Print despite online presence

The question still remains why the SMZ still issues a printed edition despite enhanced online presence, is this not somewhat anachronistic? Katrin Spelinova emphasizes that you can also subscribe to the SMZ as an e-paper but this share was very small and amounted to less than a percent of the readers. “It is absolutely important that this newspaper gets delivered to the letterboxes so that readers are reminded nine times a year what their association is doing for them. With our enhanced cover section they also have the opportunity to read something about aspects which they would not actively look for on the internet because it is not even on their radar.” Add to that a business-related reason: “We cannot finance ourselves online. Advertising business still mainly runs via the print issue.”

Schweizer Musikzeitung: print paper

The SMZ is still printed nine times a year on newsprint paper in addition to having an enhanced online presence. (Photo: Pia Schwab / SMZ)

As such you could ask yourself how the online and print versions differ from each other. Katrin Spelinova: “Since we only publish nine times a year, we can provide a current report in the summer break online, which would be too late in the next print issue in September. And what is also very important is that we can place teasers into the hardcopy for longer texts which no longer find space in it and then refer the readers with a QR code to the integral online version. This creates more room to manoeuvre for us.”

The chat page in the printed part where two personalities exchange their view on a topic is rather interesting. This is something with particular online potential. It could nudge discussions with an expansion of the chat as a presented online discussion platform which regularly presents a topic that is discussed by experts in a controversial manner and then could be discussed further by the readers. Katrin Spelinova also sees a chance here. “We have relatively little direct feedback, also not via the commentary function. Last year, on the occasion of the Beethoven anniversary, we presented a work each week and asked the readers to tell us their relationship to or their experience with said composition. But only very little happened, we could not feel much from our readers.”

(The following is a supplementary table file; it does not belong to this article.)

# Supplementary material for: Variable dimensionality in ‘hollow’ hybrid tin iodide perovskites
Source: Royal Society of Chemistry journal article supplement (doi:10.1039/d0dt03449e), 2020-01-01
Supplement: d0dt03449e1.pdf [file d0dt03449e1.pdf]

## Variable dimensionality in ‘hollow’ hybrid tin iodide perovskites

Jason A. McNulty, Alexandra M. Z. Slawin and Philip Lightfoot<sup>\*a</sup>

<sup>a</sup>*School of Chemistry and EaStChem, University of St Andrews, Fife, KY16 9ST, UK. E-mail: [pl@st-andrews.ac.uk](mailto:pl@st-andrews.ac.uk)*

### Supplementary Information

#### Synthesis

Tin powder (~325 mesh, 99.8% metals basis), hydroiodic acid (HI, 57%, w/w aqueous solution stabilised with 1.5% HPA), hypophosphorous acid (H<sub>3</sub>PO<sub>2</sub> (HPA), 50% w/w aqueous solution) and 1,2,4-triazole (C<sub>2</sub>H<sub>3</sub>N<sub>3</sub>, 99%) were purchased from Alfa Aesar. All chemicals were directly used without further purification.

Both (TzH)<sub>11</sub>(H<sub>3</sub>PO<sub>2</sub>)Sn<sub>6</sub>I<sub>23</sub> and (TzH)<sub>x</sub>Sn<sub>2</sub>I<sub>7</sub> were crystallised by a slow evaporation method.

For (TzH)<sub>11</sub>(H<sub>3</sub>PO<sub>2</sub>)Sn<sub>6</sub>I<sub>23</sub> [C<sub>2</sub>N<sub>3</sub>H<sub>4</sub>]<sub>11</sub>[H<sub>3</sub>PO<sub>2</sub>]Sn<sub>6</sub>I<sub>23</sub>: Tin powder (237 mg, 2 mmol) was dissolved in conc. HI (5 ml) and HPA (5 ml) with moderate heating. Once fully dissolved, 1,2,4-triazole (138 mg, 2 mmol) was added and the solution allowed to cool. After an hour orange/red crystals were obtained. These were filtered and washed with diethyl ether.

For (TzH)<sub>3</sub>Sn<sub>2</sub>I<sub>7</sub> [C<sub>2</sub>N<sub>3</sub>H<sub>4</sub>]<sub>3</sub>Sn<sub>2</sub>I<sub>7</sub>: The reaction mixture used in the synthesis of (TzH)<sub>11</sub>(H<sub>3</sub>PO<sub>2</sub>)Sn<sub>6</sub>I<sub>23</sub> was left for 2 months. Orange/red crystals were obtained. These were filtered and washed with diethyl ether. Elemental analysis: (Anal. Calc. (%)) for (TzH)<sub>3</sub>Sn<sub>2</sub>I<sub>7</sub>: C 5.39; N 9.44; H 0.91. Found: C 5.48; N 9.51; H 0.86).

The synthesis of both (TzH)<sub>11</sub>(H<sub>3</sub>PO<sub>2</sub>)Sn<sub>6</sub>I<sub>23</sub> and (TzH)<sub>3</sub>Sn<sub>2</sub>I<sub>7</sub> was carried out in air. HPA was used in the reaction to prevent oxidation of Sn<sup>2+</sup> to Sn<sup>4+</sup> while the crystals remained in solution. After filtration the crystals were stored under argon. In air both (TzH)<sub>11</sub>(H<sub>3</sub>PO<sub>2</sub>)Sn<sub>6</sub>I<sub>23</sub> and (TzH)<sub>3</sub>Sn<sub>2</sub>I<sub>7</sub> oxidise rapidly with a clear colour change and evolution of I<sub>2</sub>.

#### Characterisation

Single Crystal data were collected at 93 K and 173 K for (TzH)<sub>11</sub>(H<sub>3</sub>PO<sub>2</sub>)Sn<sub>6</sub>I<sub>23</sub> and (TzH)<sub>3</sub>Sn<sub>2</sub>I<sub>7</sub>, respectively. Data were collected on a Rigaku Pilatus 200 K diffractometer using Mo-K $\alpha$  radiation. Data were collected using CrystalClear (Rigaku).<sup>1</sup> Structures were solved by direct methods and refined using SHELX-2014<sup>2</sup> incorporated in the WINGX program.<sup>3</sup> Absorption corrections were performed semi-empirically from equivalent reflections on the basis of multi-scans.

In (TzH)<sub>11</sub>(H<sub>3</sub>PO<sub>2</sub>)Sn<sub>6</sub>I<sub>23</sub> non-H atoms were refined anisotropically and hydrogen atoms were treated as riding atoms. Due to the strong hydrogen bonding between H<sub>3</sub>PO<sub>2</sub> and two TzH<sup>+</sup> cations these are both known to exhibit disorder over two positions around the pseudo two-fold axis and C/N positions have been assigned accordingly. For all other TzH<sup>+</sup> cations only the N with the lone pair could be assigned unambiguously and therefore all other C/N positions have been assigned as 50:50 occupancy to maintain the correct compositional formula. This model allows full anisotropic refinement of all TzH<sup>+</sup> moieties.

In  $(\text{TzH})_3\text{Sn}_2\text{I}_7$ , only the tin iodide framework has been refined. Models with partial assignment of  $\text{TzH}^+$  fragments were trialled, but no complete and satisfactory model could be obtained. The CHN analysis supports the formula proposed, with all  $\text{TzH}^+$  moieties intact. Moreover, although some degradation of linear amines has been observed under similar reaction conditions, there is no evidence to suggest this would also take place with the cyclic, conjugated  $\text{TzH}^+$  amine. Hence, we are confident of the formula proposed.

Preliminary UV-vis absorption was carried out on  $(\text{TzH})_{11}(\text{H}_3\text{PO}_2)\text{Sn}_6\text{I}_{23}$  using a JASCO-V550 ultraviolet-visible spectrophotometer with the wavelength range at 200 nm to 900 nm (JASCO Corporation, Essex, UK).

Bridge function between languages and regions

Thanks to the online presence the news really is news. Here, the quality of the SMZ shows itself by a careful selection such as with notes on insights from music research. Katrin Spelinova mainly looks after the matters affecting the associations and is very well supported by Wolfgang Böhler who many people might still know from the online magazine “Codex flores”. “He has a very good overview over what’s happening in the cultural political arena in the cantons and the municipalities.” Add to that the news from Jean-Daniel Humair who looks after the French part of the SMZ in Lausanne; Pia Schwab also contributes as part of the editorial team. “But it is a capacity problem to look after the French part as extensively as the German part.”

Italian texts are therefore a huge exception even though the exchange between the regions and languages is held high. “We try it, because the bridge function of the SMZ is important. You must not forget: For music creators from the Ticino, it can be more interesting if a report about them is written in German so that they draw more attention in the German-speaking part of Switzerland. We therefore have reported about the Ticino as a peripheral region, this year, we will focus on the Jura, next year about Grisons.”

What would be desirable is to feature more reviews which are important for music creators according to Katrin Spelinova. “What’s decisive for us is that the CDs have a link to Switzerland and are not from superstars which are already present everywhere else. In addition, concert reviews should, if possible, reflect a flow or a phenomenon in several examples. Specifically in one of the last issues there was a text on nine string quartets of Swiss composers who were performed within two weeks in Brunnen and in Zurich. As such you can also convey a context which contributes more than a pure concert review.”

Music associations involved:
Eidgenössischer Orchesterverband (EOV), Forum Musik Diversität (FMD), Konferenz Musikhochschulen Schweiz (KMHS), Musikhochschule Kalaidos, Schweizerischer Jugendmusikwettbewerb & Arosa Kultur (SJMW), Schweizerische Musikforschende Gesellschaft (SMG), Schweizerische Gesellschaft für Musik-Medizin (SMM), Schweizerischer Musikpädagogischer Verband (SMPV), Schweizer Musikrat & CHorama (SMR), Schweizerischer Musikerverband (SMV), SONART – Musikschaffende Schweiz, Genossenschaft der Urheber und Verleger von Musik (SUISA) und der Verband Musikschulen Schweiz (VMS).

Subscriptions

Surprising, fresh and always setting the tone: The Schweizer Musikzeitung can be acquired as a printed edition 9x a year delivered to your letterbox or as an e-paper. The latter is delivered as a pdf by e-mail or can be downloaded in the print archive.

The subscriptions include access to the digital print archive (Articles since 1998).

Annual subscription or e-paper, 9 issues: CHF 70.00
Annual subscription for students with valid credentials: CHF 35.00
Trial subscription (3 issues): CHF 20.00
Trial subscription (3 issue) for students with valid credentials: CHF 10.00

Order via e-mail: abo.schweizer-musikzeitung (at) galledia.ch
Order by phone: +41 (0)58 344 95 50
Order via online form: www.musikzeitung.ch/de/abonnieren
(Text: SMZ)

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The Schweizer Musikzeitung is so much more than a mouthpiece for Swiss music associations. It has grown to become an inspiring platform where you can find reports on musical topics across genres, languages and regions. Text by guest author Markus Ganz